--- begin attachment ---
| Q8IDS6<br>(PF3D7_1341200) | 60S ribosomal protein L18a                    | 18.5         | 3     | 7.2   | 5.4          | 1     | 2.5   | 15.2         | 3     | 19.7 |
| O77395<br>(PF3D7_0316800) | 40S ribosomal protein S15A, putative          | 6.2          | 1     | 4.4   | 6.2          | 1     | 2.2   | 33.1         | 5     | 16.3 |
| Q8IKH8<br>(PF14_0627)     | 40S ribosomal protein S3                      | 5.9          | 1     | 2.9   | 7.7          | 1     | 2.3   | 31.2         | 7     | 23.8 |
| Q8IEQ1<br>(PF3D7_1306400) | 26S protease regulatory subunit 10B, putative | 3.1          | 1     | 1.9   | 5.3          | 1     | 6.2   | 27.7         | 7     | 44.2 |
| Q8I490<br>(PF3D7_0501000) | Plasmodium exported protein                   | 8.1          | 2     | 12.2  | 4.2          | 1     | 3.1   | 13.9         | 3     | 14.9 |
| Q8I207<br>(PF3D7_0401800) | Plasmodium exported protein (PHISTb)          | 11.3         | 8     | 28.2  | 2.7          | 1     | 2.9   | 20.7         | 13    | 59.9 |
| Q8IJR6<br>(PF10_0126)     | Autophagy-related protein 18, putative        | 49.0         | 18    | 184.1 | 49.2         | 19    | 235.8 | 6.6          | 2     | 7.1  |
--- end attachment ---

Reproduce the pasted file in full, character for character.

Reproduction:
| Q8IDS6<br>(PF3D7_1341200) | 60S ribosomal protein L18a                    | 18.5         | 3     | 7.2   | 5.4          | 1     | 2.5   | 15.2         | 3     | 19.7 |
| O77395<br>(PF3D7_0316800) | 40S ribosomal protein S15A, putative          | 6.2          | 1     | 4.4   | 6.2          | 1     | 2.2   | 33.1         | 5     | 16.3 |
| Q8IKH8<br>(PF14_0627)     | 40S ribosomal protein S3                      | 5.9          | 1     | 2.9   | 7.7          | 1     | 2.3   | 31.2         | 7     | 23.8 |
| Q8IEQ1<br>(PF3D7_1306400) | 26S protease regulatory subunit 10B, putative | 3.1          | 1     | 1.9   | 5.3          | 1     | 6.2   | 27.7         | 7     | 44.2 |
| Q8I490<br>(PF3D7_0501000) | Plasmodium exported protein                   | 8.1          | 2     | 12.2  | 4.2          | 1     | 3.1   | 13.9         | 3     | 14.9 |
| Q8I207<br>(PF3D7_0401800) | Plasmodium exported protein (PHISTb)          | 11.3         | 8     | 28.2  | 2.7          | 1     | 2.9   | 20.7         | 13    | 59.9 |
| Q8IJR6<br>(PF10_0126)     | Autophagy-related protein 18, putative        | 49.0         | 18    | 184.1 | 49.2         | 19    | 235.8 | 6.6          | 2     | 7.1  |